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Non-unionized workers all too often are unaware of their rights under the Labour Code or lack the financial ability to pursue workplace grievances on their own. This makes the grievance procedure one of the most powerful mechanisms for a unionized worker.

Knowing the employers often drag the process out – with the hopes of weakening the workers faith in their union. Information required to process a grievance through the steps will often be inaccurate, flow at an agonizingly slow pace and availability for the necessary meetings will often be strained.

The latest stall tactic we have experienced at Teamsters Local 362, is the employer making a conscious choice to not pay their portion of the arbitrator’s costs.

If the employer and the union are unable to reach a settlement to a grievance, the final step in the process is arbitration – something that is extremely costly. The majority of collective agreements, and the Labour Code, both state that the cost of the arbitrator be split equally by the parties.

When the employer refuses to pay, the arbitrator withholds the decision until they have been compensated. This only drags the process along further.

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We are faced with a situation, that has been totally unheard of in the Labour Relations community, with very little avenues existing within the Labour Code to correct the behavior. There are only so many arbitrators available and if employers choose this tactic they will ruin their good standing with sitting arbitrators who will refuse, and rightfully so, to hear the case.

This leaves unions with no choice but to foot the entire costs and seek some form of decision from the Labour Board to stop this practice before the less than honest employers influence others to take up this latest shameful tactic.

This stalling tactic hurts workers who deserve to have their grievance heard. This new tactic must be stopped before it gains any further momentum or employers will have an easy way to not deal with the issues their workers are facing.

Teamsters Local 362 intends on aggressively reacting to any employer that would take part in such a tactic ad we encourage other Trade Unions to do the same.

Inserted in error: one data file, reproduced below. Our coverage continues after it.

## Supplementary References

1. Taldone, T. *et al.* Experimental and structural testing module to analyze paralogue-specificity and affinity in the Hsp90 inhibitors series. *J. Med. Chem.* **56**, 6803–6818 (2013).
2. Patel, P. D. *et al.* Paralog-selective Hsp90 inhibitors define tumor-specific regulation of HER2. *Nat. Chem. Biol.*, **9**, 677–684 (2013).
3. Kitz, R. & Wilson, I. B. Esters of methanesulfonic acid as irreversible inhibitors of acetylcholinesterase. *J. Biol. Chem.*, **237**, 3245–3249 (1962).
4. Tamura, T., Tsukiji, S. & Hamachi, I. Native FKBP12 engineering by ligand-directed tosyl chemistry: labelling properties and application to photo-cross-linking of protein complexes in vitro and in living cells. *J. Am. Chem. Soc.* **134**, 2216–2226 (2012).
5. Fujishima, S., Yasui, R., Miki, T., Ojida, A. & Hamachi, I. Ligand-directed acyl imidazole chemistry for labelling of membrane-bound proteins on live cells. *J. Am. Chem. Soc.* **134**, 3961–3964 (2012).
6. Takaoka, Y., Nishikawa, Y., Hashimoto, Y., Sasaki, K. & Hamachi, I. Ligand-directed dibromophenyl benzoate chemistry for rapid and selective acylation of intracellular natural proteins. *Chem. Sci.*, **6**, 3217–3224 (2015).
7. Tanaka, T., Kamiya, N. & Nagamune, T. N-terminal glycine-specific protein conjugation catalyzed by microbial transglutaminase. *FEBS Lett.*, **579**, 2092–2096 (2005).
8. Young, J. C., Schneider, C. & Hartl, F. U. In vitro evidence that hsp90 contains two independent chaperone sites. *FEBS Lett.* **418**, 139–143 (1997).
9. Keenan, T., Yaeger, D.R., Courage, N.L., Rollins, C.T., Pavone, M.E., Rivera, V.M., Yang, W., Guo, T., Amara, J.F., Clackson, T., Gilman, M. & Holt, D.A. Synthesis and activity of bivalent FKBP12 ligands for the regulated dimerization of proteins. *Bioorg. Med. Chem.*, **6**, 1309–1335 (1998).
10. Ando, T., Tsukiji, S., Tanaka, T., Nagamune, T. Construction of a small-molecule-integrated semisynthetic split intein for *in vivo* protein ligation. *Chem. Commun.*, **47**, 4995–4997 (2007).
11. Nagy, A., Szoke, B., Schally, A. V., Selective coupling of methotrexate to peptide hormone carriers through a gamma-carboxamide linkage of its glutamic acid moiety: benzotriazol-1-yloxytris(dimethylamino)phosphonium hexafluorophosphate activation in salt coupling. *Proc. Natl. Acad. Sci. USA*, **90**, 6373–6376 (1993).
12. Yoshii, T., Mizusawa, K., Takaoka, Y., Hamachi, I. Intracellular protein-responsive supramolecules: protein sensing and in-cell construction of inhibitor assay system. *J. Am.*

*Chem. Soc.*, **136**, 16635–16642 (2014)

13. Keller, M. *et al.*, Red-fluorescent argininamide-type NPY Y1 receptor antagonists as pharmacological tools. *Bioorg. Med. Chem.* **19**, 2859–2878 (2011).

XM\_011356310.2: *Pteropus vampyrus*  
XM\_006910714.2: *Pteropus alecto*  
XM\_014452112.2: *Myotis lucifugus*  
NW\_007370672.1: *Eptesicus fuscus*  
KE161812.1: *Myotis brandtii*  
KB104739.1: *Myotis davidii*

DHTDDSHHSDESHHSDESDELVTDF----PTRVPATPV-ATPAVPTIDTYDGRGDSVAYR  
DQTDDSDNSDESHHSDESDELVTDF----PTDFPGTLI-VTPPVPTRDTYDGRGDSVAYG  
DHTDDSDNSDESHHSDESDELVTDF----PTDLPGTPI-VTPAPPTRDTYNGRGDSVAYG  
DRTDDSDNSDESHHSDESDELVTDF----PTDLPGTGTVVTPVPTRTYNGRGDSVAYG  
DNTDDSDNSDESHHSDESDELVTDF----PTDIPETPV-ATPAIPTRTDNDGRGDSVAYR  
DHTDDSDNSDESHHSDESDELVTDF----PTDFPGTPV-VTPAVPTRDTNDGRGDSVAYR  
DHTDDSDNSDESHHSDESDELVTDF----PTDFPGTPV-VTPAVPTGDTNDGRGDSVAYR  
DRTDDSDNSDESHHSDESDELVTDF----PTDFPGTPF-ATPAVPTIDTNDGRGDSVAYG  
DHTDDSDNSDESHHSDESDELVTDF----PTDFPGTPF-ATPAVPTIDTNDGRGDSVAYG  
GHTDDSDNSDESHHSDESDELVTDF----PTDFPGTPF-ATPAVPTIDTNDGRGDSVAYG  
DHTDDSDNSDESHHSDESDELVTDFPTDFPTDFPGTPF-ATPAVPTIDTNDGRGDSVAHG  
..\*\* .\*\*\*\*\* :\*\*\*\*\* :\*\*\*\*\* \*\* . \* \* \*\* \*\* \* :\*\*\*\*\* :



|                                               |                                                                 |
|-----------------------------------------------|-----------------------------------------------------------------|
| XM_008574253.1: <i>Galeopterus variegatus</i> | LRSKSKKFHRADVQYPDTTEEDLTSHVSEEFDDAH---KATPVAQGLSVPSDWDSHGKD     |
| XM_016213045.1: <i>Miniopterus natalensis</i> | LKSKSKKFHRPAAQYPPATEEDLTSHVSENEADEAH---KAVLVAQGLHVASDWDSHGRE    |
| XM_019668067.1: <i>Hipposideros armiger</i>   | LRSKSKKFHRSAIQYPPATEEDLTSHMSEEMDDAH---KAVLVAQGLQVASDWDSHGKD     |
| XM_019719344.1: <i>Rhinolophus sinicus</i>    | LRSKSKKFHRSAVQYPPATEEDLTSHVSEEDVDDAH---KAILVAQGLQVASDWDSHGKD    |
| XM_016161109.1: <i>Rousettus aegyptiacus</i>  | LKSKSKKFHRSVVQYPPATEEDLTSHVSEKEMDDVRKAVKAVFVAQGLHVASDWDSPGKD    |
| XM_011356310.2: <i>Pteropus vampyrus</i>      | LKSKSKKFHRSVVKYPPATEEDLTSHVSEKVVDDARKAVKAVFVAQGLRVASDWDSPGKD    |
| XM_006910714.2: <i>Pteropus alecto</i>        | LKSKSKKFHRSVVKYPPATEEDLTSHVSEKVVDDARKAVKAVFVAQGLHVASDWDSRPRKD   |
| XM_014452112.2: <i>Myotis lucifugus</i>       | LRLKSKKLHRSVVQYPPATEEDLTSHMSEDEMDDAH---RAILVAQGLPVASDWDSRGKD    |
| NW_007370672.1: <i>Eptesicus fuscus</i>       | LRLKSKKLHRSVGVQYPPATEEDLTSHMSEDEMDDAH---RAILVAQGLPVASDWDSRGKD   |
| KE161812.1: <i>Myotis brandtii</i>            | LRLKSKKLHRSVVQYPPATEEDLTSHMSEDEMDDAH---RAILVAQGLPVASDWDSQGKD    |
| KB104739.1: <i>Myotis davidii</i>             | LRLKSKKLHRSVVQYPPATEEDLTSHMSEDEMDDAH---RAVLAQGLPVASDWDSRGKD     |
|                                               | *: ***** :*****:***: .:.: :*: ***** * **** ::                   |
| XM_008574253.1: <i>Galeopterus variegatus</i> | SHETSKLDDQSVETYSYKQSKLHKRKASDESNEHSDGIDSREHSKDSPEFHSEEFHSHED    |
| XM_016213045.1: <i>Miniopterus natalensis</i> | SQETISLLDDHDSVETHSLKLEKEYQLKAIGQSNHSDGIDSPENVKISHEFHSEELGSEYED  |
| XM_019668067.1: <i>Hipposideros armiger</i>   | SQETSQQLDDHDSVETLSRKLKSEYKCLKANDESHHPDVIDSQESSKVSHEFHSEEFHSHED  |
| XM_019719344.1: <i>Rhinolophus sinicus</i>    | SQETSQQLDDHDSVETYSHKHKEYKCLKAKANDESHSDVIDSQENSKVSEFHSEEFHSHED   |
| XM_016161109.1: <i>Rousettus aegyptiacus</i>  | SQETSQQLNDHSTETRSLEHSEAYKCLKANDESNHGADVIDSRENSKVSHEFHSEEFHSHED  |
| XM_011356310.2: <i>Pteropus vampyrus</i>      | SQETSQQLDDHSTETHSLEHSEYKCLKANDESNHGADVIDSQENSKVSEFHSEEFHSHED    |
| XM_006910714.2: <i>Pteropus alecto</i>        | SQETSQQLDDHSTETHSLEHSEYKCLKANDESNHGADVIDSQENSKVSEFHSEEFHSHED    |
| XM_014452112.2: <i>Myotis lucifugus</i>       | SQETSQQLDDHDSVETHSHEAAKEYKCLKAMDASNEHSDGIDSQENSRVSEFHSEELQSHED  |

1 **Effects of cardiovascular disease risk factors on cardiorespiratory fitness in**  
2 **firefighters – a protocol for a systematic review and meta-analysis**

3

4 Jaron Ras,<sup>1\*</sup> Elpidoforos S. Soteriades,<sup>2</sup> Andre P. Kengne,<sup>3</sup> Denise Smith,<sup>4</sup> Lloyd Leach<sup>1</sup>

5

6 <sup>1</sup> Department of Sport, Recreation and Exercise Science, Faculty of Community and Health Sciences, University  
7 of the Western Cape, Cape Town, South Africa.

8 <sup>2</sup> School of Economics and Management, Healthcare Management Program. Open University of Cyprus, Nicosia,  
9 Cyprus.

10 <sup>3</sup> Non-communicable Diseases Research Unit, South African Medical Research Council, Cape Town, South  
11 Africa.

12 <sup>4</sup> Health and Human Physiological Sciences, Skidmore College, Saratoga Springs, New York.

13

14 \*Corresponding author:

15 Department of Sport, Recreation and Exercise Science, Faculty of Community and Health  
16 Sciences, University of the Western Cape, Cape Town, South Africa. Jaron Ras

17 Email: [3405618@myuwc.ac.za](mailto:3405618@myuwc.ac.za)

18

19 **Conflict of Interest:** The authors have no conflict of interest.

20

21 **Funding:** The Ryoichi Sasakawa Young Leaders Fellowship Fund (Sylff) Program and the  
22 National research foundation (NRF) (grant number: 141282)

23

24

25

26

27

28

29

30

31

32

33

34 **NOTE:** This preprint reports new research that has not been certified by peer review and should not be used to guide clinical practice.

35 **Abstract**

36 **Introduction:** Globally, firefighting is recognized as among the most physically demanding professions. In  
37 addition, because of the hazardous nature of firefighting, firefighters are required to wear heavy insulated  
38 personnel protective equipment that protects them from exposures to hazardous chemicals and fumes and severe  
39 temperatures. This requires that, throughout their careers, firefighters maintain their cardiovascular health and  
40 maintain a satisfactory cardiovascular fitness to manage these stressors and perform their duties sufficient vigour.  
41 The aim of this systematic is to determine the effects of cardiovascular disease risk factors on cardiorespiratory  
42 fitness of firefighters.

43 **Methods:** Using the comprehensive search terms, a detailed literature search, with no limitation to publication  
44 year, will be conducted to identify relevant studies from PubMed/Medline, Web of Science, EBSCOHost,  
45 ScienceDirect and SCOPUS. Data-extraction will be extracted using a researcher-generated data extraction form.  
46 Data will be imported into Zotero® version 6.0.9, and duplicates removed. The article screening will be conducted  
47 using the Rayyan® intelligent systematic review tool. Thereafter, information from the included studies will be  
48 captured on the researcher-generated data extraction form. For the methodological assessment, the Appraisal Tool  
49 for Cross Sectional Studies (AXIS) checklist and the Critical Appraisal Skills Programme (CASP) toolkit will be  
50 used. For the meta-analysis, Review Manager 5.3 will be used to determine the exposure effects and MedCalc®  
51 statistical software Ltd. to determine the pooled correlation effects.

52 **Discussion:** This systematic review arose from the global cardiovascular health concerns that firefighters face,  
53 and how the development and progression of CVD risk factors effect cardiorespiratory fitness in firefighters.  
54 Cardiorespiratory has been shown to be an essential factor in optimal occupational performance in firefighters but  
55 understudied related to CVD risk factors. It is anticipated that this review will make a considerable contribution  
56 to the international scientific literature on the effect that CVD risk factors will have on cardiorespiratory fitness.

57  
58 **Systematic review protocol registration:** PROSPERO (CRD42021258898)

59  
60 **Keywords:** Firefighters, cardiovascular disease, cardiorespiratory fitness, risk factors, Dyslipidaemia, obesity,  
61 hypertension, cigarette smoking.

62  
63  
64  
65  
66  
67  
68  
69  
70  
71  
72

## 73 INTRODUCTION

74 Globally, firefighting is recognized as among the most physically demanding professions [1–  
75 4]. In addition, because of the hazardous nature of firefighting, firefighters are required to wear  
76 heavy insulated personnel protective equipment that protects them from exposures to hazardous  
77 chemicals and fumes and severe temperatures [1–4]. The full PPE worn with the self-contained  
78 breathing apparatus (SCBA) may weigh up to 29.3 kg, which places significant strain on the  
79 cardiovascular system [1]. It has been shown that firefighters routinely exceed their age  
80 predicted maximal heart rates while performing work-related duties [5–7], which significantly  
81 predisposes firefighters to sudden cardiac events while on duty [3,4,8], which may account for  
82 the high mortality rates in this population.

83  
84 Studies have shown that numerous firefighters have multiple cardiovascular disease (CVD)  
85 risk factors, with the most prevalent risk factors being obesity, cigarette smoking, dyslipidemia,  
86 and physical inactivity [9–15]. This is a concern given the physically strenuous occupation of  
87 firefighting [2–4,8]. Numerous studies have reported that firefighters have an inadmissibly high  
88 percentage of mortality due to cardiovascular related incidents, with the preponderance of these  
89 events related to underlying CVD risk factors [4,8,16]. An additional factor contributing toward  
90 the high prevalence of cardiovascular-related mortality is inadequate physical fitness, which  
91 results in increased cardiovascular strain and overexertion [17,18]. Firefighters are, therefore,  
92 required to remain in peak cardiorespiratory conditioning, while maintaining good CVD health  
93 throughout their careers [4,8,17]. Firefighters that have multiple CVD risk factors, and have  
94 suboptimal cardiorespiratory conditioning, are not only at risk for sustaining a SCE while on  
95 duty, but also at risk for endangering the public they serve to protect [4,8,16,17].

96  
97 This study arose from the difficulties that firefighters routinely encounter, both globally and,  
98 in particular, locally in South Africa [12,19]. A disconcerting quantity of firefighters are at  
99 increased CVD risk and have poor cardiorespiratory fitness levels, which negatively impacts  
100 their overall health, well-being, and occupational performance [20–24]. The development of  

The Teamsters Union Demonstrates Why Collective Agreements Are Essential

Having a union on your side in the workplace means an improved level of safety for all workers. This month the Teamsters Union proved that once again.

On Jan. 11, it was announced that the Teamsters Union in the United States had won a $1 million settlement on behalf of YRC Freight’s road drivers.

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The collective bargaining agreement with YRC Freight limits the amount of over-the-road freight that can be put on trains or hauled by non-bargaining unit personnel. The Teamsters Union monitors those amounts and after reviewing the situation and convening a meeting of the committee that monitors compliance, it was determined that the company had in fact exceeded the permissible amounts.

“Our YRC members have an agreement that strongly protects bargaining unit work and work opportunities and the company acknowledged that it diverted more freight than what is allowed,” stated Ernie Soehl, Director of the Teamsters National Freight Division in a press release. “We will always seek to hold employers accountable by making sure they abide by our contracts and agreements.”

The company said that the diverted freight had a lot to do with hurricanes Harvey and Irma, however the committee determined that the company still exceeded the maximum road miles that could be hauled on rails and ordered it to pay $1,003,930.00.

YRC Freight will be contacting Teamster local unions to review the lists of drivers who are eligible for the payment.

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Collective agreements are essential in protecting the best interests of all workers across North America. Local 362 manages 100 collective bargaining agreements, which covers 6,800 members across Alberta and the Northwest Territories.

Having Local 362 protect your rights through a labour contract is essential to earning fair wages, safe working conditions and so many other key aspects of an employee’s job environment.